Handling Undefined Variable Errors in JavaScript

Handling undefined variable errors is a common challenge that developers face when working with JavaScript. These errors can be confusing, especially for those who are new to the language. In this blog post, we will explore the concept of undefined variables in JavaScript, understand why these errors occur, and learn how to prevent and handle them effectively. Along the way, we will provide code examples and clear explanations to help you become more confident in dealing with undefined variable errors in your JavaScript code.

What is an Undefined Variable Error?

In JavaScript, an undefined variable error occurs when you attempt to access a variable that has not been declared or initialized. JavaScript is a loosely-typed language, which means that variables can be declared without specifying their data types. However, this flexibility can also lead to confusion and potential errors when variables are not properly declared or initialized.

For example, consider the following code snippet:


If myVariable has not been declared or initialized, this code will throw an error:

ReferenceError: myVariable is not defined

This error message indicates that the variable myVariable does not exist in the current scope and cannot be accessed.

Variable Declaration and Initialization

To avoid undefined variable errors, it's essential to understand the difference between variable declaration and initialization.

Variable Declaration

Variable declaration is the process of creating a new variable by specifying its name. In JavaScript, you can declare a variable using the var, let, or const keywords. Here's an example:

var x; let y; const z = 10;

In this example, we have declared three variables: x, y, and z. However, only z has been initialized with a value, while x and y have not been initialized and will have the undefined value by default.

Variable Initialization

Variable initialization is the process of assigning an initial value to a declared variable. You can initialize a variable at the time of declaration or later in your code. Here's an example:

var x = 5; // Declaration and initialization let y; // Declaration y = 10; // Initialization

In this example, we have initialized x at the time of declaration with the value 5, and y later in the code with the value 10.

Scope and Hoisting

To effectively handle undefined variable errors, it's crucial to understand the concepts of scope and hoisting in JavaScript.


In JavaScript, scope refers to the context in which a variable can be accessed. There are two types of scope in JavaScript: global and local. Global variables are accessible from any part of the code, while local variables are only accessible within the function or block where they are declared.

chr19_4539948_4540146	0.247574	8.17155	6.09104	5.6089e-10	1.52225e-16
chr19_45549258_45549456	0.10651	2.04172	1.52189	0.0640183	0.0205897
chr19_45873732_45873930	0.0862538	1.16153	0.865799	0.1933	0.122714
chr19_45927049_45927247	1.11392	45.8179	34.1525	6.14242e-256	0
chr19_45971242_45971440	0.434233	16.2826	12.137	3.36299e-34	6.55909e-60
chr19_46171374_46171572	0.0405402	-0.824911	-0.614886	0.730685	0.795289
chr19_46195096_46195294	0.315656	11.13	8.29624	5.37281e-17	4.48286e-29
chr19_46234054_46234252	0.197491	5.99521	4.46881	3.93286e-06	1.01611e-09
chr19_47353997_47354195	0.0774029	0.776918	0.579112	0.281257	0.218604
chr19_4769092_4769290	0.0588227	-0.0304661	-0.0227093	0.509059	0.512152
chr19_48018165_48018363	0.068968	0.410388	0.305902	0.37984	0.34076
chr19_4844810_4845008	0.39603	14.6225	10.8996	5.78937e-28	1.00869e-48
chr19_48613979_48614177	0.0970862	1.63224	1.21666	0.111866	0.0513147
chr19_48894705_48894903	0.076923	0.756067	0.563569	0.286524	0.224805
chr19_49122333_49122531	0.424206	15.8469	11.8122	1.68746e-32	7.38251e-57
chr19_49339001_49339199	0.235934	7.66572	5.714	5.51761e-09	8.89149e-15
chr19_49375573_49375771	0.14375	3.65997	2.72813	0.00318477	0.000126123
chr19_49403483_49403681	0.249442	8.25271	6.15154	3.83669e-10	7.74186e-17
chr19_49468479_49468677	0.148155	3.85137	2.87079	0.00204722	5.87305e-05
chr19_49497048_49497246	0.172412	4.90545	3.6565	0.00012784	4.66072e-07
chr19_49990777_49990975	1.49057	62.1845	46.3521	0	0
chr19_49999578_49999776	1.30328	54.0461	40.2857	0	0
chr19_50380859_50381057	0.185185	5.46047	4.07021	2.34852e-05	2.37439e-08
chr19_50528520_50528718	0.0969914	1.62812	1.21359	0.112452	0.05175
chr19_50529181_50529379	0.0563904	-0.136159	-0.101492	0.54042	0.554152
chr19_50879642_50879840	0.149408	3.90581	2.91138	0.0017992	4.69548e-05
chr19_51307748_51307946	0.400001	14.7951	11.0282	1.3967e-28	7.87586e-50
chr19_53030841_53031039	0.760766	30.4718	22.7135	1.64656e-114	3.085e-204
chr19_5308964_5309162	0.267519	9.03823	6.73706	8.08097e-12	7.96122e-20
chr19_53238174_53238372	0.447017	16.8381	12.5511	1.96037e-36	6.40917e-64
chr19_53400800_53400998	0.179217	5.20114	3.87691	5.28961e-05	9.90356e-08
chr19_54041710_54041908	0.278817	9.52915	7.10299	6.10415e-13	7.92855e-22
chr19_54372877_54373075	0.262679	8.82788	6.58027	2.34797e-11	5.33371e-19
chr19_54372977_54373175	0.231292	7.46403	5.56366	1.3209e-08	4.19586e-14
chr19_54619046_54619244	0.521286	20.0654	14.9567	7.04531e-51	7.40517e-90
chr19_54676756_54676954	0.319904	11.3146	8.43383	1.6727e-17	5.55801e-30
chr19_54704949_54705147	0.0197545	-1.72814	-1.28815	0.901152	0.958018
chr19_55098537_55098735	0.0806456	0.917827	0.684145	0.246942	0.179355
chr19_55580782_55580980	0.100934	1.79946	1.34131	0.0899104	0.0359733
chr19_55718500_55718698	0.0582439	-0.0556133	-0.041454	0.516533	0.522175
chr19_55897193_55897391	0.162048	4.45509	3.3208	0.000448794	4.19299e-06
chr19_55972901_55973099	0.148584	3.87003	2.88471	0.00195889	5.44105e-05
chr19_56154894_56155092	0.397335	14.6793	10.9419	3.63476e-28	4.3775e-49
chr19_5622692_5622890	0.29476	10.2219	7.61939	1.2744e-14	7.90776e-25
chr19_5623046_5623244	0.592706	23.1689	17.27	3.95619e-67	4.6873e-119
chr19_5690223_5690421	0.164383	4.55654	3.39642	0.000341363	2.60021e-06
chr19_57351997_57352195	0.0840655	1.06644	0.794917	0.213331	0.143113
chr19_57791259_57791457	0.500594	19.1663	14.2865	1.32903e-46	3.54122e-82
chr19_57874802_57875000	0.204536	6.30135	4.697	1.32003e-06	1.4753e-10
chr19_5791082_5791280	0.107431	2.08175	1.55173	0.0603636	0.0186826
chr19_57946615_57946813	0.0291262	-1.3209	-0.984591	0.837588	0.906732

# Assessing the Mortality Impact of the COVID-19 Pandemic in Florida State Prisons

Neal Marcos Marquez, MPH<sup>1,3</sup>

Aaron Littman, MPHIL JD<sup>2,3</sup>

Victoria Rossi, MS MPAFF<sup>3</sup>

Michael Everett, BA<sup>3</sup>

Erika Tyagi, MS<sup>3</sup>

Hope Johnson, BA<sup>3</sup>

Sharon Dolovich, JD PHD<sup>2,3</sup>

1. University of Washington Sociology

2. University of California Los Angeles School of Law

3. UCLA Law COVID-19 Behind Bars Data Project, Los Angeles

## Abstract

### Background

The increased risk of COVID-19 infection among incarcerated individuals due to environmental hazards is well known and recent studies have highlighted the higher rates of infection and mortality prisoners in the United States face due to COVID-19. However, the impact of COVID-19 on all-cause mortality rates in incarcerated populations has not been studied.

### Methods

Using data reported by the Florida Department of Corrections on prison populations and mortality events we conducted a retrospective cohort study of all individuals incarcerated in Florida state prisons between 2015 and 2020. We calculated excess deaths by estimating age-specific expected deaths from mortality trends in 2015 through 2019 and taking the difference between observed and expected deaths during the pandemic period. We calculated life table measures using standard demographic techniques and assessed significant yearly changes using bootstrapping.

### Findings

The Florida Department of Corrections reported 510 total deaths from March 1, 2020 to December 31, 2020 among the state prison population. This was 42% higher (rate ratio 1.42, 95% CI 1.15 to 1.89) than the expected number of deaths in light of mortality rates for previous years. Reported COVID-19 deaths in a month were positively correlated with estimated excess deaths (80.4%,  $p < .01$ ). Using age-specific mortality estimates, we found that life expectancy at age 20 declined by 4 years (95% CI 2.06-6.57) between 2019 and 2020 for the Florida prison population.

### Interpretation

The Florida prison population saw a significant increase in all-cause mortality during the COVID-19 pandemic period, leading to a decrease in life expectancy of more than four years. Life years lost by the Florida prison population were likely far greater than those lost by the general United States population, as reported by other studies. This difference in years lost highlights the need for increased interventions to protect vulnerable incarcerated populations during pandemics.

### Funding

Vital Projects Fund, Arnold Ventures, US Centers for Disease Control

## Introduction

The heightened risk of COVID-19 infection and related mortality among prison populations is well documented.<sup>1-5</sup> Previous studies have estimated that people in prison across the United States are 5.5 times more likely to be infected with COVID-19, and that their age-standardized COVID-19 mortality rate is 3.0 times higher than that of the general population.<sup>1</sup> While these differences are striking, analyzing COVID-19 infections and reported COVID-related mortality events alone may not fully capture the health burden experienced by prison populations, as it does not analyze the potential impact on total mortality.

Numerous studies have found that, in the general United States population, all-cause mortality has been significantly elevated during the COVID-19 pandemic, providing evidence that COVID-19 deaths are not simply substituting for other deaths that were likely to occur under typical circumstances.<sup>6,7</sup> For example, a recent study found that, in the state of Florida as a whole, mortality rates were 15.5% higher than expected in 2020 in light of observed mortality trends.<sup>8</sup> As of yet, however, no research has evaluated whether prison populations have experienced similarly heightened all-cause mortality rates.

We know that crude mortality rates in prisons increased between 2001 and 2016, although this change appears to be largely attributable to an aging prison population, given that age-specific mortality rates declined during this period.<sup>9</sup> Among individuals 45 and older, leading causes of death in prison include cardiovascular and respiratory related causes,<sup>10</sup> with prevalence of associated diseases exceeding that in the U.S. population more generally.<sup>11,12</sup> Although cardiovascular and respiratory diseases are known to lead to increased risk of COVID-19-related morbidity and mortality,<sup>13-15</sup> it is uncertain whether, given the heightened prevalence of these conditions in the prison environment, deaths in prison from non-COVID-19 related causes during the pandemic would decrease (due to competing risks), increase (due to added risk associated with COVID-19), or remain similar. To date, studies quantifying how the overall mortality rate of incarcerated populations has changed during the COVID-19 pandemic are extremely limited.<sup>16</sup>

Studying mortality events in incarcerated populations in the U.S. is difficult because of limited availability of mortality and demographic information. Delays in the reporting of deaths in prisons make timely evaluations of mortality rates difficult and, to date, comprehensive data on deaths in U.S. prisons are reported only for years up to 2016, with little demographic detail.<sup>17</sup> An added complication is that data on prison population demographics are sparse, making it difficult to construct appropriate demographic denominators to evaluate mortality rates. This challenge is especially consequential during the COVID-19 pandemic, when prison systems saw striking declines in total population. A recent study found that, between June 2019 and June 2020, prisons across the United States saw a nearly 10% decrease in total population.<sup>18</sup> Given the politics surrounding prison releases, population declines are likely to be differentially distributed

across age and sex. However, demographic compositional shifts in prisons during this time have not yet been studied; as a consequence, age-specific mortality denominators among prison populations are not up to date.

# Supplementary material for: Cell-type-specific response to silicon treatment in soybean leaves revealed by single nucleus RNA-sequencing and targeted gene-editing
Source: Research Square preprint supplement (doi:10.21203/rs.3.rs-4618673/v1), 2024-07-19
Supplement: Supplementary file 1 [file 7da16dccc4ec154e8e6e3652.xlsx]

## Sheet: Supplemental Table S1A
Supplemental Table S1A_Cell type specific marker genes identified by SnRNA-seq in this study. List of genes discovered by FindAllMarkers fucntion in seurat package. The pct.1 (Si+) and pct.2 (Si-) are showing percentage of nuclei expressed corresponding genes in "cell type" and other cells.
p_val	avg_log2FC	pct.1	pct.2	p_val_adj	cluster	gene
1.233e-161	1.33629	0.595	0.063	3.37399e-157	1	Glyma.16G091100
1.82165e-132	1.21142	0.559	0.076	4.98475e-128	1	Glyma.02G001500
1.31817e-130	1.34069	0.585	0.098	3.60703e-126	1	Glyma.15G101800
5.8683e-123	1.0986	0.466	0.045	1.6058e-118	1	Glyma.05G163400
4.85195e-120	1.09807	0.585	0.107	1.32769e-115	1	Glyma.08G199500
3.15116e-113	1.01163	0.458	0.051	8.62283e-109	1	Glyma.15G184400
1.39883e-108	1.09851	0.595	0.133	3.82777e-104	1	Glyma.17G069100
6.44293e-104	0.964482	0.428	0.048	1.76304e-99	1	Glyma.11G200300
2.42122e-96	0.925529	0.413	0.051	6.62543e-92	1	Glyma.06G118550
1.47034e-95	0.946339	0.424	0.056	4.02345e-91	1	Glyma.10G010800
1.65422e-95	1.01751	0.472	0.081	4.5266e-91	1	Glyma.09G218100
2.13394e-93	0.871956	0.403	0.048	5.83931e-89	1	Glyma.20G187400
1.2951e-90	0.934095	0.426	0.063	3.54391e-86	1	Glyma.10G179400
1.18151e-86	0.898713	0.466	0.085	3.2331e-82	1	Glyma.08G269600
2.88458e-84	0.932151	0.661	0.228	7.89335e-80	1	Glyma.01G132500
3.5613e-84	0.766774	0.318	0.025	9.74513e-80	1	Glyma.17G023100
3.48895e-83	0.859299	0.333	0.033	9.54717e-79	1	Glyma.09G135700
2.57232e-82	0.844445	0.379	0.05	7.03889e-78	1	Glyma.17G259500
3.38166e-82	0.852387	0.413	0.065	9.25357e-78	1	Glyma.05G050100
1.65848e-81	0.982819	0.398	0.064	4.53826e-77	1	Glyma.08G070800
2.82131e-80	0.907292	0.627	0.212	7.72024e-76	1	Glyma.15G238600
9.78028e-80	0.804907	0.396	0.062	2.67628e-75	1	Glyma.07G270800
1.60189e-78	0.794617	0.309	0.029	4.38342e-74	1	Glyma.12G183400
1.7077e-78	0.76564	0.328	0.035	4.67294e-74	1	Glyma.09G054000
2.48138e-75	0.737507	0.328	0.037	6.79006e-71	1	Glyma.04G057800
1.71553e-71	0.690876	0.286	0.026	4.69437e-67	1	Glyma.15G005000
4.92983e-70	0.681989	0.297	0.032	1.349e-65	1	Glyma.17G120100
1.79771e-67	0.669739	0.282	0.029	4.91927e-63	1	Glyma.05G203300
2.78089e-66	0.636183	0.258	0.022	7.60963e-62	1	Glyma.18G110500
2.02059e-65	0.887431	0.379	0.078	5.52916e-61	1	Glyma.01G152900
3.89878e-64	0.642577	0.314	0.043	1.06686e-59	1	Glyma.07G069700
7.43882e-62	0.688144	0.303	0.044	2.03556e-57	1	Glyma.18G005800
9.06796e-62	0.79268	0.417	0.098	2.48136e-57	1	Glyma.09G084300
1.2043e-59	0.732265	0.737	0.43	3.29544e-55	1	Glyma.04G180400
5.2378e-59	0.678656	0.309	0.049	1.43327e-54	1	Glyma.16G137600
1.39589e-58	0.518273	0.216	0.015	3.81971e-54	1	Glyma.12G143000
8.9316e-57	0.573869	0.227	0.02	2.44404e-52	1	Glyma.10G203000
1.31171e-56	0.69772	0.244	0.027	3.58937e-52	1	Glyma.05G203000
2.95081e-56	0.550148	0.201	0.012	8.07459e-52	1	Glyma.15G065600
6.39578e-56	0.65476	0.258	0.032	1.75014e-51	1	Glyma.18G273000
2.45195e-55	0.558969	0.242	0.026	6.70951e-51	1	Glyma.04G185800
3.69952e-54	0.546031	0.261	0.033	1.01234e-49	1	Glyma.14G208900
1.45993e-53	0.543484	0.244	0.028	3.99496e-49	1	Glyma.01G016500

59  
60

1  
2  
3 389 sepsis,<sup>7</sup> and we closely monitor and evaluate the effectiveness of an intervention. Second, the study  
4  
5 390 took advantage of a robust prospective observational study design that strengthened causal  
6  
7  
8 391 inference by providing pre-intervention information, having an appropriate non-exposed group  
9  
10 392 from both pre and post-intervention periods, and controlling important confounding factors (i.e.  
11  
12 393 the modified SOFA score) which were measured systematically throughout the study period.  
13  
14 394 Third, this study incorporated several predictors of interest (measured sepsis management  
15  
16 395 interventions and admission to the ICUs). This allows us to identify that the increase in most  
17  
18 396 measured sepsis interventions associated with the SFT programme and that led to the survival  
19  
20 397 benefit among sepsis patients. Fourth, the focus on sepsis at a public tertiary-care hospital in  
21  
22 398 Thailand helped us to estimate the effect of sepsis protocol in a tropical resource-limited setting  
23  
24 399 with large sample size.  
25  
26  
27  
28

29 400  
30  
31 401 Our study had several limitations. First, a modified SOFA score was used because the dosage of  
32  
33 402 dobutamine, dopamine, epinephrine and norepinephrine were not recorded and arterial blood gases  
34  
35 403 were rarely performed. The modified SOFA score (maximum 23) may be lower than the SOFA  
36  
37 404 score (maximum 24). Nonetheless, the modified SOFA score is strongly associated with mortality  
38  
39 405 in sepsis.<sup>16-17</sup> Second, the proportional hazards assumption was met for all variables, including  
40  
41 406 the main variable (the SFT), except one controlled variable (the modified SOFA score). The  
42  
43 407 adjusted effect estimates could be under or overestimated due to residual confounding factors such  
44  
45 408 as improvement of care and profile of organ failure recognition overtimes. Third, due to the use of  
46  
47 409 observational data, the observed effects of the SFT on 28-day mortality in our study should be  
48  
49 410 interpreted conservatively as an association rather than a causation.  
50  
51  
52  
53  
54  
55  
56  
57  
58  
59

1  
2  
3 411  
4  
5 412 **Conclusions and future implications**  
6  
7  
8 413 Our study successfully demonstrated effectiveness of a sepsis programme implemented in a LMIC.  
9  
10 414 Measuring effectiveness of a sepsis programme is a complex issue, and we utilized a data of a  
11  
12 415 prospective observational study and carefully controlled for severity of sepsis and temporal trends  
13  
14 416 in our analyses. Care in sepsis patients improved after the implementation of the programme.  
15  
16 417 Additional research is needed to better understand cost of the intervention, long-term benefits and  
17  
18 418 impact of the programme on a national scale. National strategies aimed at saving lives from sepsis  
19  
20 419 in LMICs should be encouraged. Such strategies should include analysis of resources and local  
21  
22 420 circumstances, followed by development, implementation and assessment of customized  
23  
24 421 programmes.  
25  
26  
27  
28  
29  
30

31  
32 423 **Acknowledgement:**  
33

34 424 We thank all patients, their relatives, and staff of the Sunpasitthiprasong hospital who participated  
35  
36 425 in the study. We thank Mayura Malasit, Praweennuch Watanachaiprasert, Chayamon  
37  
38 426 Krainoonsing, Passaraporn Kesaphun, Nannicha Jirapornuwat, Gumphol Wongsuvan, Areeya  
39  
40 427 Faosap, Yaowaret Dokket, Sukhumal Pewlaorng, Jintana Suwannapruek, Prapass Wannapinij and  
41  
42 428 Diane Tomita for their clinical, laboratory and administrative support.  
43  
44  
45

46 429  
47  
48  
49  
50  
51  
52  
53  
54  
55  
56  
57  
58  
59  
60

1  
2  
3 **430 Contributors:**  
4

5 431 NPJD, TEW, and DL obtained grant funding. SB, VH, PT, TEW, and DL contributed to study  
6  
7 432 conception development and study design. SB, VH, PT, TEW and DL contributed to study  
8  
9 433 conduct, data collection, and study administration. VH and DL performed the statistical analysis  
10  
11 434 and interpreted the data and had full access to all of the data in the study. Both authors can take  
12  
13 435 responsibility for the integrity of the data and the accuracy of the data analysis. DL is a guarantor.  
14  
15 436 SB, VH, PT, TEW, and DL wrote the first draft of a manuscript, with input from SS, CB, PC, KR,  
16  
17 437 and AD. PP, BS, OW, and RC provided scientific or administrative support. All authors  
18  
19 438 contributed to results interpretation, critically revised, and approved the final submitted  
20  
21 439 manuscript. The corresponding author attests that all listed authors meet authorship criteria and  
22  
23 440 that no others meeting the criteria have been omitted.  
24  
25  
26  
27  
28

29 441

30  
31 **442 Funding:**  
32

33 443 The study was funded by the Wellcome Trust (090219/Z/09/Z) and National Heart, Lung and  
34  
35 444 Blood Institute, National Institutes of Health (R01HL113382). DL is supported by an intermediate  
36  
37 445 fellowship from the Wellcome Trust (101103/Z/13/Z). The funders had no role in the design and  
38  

var globalVar = "I am a global variable!"; function myFunction() { var localVar = "I am a local variable!"; console.log(globalVar); // Accessible console.log(localVar); // Accessible } console.log(globalVar); // Accessible console.log(localVar); // Error: localVar is not defined

In this example, globalVar is a global variable that can be accessed both inside and outside of the function myFunction. However, localVar is a local variable that can only be accessed within the function myFunction. Attempting to access localVar outside of the function results in an undefined variable error.


Hoisting is a JavaScript mechanism that moves variable and function declarations to the top of their respective scopes during the compilation phase. However, only the declarations are hoisted, not the initializations. This can lead to confusionand unexpected behavior if you're not aware of how hoisting works. Here's an example:

console.log(x); // undefined var x = 5; console.log(x); // 5

In this example, you might expect the first console.log(x) statement to throw an undefined variable error because x has not been declared or initialized at that point. However, due to hoisting, the variable declaration is moved to the top of the scope, and the code is interpreted like this:

var x; console.log(x); // undefined x = 5; console.log(x); // 5

As a result, the first console.log(x) statement outputs undefined instead of throwing an error.

It's important to note that hoisting behaves differently with the let and const keywords. While variable declarations with var are hoisted and initialized with undefined, declarations with let and const are hoisted but not initialized. This means that accessing a variable declared with let or const before its declaration will result in a ReferenceError:

console.log(y); // Error: y is not defined let y = 5;

Handling Undefined Variable Errors